This time last year the Financial Times' and The Economist’s joint “Africa Rising” campaign was in full swing. Over the first quarter of 2013 two of the world’s most influential newspapers, using every medium at their disposal*, confirmed that Africa is now the “Hopeful Continent” and that its “Moment” has truly arrived.
“Africa is looking increasingly risky for investors and global supply chains,” Jackson writes, referring to information in the latest Global Risks and Resilience Atlas (GRRA), published by UK-based global analysts Maplecroft on 6 February. Maplecroft’s highly respected annualevaluates 179 countries across 36 risk issues. It identifies 5 broadly interconnected risks in Africa: macroeconomic, security, climate change, resource scarcity and pandemics and infectious diseases. Risk resilience is identified by two indices: governance and societal.
Factor in the effects of climate change, deforestation, soil erosion, resource depletion and biodiversity loss (most of these are twice the global average) plus the doubling of populations over the coming decades and today's risks, without a radical change of approach to economic growth, will seem insignificant.
What is more worrying is that countries with high growth rates, like Nigeria and Mozambique, seem to be just as vulnerable to increased risk as the lesser economic performers like Central African Republic or Somalia. According to Maplecroft, Nigeria, Africa’s second largest economy and darling of international investors, has seen a big change in its rankings moving from the 22nd most at risk to 14th in the past year and is now in the high risk category.
African leaders first called for self-sufficiency, or self-reliance, at independence in the 1960s, not to reclaim it, as they are today, but to avoid losing what they already had. Their fears were justified. By the end of the 1980s, the planning, technologies and economics of the post-colonial development model (and the assumptions that underlie them) left Africa with billions of dollars’ worth of failed or failing projects, millions of destitute people and billions of dollars of debt. In single generation Africa’s self-sufficiency had been destroyed.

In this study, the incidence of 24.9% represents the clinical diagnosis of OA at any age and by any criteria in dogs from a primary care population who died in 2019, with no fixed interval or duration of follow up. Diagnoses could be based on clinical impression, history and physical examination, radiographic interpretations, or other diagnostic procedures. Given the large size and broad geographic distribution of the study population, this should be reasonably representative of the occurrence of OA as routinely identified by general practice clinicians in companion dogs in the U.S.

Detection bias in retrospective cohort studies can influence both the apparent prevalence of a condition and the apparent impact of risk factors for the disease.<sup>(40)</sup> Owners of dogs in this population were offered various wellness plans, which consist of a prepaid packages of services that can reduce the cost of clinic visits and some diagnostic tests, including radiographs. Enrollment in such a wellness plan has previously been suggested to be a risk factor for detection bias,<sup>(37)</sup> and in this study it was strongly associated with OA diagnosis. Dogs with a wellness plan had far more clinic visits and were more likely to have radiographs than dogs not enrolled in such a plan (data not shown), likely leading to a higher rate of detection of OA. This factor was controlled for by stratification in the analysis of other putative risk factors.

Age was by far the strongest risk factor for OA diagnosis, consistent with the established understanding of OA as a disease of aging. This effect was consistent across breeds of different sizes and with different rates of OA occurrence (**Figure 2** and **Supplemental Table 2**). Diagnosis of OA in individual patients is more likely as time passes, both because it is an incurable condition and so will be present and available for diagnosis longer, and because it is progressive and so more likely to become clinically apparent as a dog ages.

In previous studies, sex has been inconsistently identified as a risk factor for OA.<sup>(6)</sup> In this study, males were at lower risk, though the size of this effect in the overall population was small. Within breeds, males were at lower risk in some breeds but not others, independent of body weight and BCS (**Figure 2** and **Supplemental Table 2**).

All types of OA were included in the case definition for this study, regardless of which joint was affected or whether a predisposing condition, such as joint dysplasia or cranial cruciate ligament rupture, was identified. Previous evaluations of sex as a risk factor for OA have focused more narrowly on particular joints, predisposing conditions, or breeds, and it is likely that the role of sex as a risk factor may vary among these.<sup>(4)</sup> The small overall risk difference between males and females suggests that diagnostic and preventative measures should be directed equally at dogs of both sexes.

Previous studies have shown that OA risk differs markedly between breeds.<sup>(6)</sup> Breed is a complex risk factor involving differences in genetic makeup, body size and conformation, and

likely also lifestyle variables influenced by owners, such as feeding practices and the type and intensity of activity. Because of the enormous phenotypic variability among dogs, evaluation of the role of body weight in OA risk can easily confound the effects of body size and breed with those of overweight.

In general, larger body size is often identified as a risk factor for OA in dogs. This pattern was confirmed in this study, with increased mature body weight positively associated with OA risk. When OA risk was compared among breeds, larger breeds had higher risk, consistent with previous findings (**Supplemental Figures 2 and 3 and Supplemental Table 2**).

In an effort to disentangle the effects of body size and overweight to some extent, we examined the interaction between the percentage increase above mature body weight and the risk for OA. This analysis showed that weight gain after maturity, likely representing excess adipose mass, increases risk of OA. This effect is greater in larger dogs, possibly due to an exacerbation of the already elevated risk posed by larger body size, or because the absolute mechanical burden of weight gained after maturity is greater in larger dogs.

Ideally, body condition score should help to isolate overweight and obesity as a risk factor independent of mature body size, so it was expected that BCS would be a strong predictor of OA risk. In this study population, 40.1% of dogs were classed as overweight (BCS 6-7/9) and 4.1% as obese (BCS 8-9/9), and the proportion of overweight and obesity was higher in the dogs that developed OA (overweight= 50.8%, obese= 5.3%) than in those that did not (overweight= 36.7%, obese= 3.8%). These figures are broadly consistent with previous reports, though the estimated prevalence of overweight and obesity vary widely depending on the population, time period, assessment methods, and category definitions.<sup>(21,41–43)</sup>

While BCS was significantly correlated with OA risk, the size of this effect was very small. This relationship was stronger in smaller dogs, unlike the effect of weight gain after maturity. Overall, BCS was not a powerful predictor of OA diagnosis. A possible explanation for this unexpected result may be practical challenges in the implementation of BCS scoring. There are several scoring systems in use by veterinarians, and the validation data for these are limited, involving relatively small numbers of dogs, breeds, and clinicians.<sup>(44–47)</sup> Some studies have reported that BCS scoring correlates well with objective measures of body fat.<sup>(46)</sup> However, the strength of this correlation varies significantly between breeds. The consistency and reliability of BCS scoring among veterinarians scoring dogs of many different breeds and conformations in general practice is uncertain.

The good news is that despite the dominant role of the old dependency system, Africans haven’t given up their quest for self-sufficiency through a green economy. Since the dark days of the crisis Africans have been building on their green foundations and now have the knowledge and credentials to convince potential partners where sustainable investments lie. African countries need rapid and sustained investment in their green economies to counteract the expansion of the dependency system, which also happens to be high carbon, resource intensive, ecologically degrading and socially divisive. This old “brown” economy will not work in the world’s most challenging continent.
Last October the African Development Bank issued an inaugural $500 billion Green Bond which sold out within 24 hours and was 10 per cent oversubscribed. The AfDB, NEPAD, the UN, the World Bank, OECD and other global institutions plus innumerable NGOs, large and small, are taking first steps towards measuring Africa’s green economies so that they can be understood and expanded.
With urgency mounting, Item 24 of the Consensus Statement calls on the international community “to put an international investment strategy in place to facilitate [Africa’s] transition towards a green economy." As world leaders, preoccupied as they are with multiple crises of their own, are unlikely to deliver a green investment strategy in time, this is a historic moment for Africans to propose their own.
Globalisation on Trial
In the 1960s, departing Europeans said "the white man's civilisation is on trial in Africa." Well aware of the consequences of success or failure they could see that "the future of us all is bound up in Africa." Fifty years later it is globalisation that is on trial and an economic growth system that is wrecking the planet. As Africa is the last frontier for investment the future of us all is bound up there more than ever. In our interconnected world Africa's risks are now everybody's risks.
The days when Africa’s dependency was to everyone else's advantage are over. The continent's return to self-sufficiency through a low carbon, resource efficient, ecologically responsible and socially inclusive green economy would benefit us all. Africa's advantage is that the brown economy is still underdeveloped. African leaders can and must do more to put the green economy into the Africa Rising narrative. More exposure from influential publications like the Economist and the Financial Times would help.
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